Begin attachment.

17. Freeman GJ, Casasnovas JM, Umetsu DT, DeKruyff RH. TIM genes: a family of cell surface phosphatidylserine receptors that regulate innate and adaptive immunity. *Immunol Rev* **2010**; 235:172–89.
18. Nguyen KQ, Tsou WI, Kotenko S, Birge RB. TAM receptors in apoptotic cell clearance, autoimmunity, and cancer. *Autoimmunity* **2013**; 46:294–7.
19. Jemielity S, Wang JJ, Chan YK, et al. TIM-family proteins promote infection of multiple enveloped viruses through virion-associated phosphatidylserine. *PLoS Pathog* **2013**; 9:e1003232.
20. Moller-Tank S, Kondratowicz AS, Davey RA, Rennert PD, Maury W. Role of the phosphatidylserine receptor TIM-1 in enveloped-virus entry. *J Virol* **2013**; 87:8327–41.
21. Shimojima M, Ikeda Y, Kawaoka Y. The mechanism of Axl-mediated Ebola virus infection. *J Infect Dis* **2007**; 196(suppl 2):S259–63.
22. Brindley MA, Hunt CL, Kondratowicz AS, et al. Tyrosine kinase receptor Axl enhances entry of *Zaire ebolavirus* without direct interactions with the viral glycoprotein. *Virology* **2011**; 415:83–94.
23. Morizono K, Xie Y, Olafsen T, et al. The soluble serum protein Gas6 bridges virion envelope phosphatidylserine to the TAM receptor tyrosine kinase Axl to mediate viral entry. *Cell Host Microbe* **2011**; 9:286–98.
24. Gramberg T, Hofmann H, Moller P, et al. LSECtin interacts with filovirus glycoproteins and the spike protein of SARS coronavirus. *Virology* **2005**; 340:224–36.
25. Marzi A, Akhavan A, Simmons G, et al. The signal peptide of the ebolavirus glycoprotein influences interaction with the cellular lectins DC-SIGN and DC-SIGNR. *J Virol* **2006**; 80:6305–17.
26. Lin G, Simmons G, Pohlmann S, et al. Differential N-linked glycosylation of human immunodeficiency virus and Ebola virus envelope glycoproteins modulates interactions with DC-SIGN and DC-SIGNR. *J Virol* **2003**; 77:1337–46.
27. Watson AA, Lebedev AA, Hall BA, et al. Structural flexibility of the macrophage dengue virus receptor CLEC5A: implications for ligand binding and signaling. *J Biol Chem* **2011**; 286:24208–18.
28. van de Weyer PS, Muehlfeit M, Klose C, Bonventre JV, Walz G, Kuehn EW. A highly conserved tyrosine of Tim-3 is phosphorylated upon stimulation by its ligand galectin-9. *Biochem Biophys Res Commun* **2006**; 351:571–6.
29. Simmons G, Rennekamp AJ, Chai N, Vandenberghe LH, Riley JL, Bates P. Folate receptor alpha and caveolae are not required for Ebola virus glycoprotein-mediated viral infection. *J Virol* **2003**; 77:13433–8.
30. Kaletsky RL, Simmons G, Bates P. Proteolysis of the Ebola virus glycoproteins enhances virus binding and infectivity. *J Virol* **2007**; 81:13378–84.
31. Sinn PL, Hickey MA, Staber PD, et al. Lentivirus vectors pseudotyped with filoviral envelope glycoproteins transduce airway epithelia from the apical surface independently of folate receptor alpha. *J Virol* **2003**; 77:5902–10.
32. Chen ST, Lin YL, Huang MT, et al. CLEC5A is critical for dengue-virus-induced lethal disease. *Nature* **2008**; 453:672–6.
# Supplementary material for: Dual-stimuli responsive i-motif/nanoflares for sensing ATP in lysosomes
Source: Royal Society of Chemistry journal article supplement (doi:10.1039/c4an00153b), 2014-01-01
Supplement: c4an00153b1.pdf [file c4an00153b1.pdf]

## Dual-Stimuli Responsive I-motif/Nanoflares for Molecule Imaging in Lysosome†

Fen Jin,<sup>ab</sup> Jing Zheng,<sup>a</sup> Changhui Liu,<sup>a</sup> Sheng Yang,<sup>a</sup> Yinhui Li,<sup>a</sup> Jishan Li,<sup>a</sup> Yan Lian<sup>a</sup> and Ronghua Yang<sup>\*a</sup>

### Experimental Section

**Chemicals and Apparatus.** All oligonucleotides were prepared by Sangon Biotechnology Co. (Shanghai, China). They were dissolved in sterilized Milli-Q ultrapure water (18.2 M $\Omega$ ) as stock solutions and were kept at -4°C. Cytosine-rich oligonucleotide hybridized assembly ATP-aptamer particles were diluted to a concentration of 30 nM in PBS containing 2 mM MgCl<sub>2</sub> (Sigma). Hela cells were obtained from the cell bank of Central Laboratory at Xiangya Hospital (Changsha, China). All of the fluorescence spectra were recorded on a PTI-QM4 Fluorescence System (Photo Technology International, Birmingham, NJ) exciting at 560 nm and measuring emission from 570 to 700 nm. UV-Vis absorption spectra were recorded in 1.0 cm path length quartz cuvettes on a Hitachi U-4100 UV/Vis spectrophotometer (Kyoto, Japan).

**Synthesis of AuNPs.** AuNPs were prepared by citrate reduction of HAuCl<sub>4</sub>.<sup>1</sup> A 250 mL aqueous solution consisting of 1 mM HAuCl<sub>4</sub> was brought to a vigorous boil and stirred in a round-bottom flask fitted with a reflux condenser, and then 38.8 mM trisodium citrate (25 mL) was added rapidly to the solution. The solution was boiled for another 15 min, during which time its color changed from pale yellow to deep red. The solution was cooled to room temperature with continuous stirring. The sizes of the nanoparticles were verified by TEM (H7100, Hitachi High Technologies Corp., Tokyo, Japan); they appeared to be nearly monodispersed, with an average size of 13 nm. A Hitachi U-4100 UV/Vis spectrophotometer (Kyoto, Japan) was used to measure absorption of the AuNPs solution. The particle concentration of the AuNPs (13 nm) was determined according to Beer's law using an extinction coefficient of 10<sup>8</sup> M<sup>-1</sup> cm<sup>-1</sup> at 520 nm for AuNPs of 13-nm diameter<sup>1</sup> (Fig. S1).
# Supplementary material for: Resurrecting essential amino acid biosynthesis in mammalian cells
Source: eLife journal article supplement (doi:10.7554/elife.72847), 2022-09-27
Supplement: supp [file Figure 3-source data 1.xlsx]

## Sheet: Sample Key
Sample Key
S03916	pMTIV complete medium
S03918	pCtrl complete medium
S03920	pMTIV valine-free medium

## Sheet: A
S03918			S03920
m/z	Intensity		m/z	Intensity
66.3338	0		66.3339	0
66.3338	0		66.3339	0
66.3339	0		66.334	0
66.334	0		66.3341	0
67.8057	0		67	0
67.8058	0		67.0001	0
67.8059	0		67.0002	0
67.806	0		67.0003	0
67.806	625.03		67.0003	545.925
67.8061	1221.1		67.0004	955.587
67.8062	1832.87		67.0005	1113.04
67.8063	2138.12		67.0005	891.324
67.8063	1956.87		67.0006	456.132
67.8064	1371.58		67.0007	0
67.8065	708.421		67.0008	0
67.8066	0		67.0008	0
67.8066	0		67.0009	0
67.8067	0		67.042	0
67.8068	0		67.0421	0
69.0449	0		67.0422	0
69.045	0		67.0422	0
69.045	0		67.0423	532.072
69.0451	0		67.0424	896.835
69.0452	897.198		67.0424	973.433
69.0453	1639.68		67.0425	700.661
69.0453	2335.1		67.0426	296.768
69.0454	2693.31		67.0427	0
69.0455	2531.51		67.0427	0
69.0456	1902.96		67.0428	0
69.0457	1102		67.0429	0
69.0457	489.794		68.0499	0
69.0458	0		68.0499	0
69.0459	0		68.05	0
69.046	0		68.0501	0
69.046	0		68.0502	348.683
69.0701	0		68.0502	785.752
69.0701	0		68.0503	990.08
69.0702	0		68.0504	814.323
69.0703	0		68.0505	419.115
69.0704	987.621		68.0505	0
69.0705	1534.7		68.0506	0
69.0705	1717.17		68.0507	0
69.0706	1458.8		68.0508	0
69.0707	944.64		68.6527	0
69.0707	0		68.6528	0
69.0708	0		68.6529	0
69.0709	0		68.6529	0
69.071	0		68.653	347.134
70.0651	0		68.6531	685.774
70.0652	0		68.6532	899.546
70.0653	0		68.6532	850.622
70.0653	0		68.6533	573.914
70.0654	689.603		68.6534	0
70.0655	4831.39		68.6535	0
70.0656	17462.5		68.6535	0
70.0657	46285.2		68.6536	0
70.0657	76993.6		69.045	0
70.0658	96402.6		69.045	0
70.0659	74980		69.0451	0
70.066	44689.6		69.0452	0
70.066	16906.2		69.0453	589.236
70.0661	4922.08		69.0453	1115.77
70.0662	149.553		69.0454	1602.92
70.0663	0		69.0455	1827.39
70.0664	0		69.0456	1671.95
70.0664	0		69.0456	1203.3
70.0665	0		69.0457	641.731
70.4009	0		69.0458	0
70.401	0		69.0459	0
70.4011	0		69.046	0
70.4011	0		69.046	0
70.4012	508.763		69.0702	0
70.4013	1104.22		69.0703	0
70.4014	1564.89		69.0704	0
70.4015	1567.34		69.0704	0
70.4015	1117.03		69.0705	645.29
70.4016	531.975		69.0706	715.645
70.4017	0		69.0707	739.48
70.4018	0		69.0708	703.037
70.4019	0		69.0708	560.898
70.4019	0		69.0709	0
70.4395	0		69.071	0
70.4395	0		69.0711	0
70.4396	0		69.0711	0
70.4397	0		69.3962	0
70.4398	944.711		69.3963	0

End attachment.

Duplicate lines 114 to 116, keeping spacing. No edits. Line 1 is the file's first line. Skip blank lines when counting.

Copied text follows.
70.4018	0		69.0708	703.037
70.4019	0		69.0708	560.898
70.4019	0		69.0709	0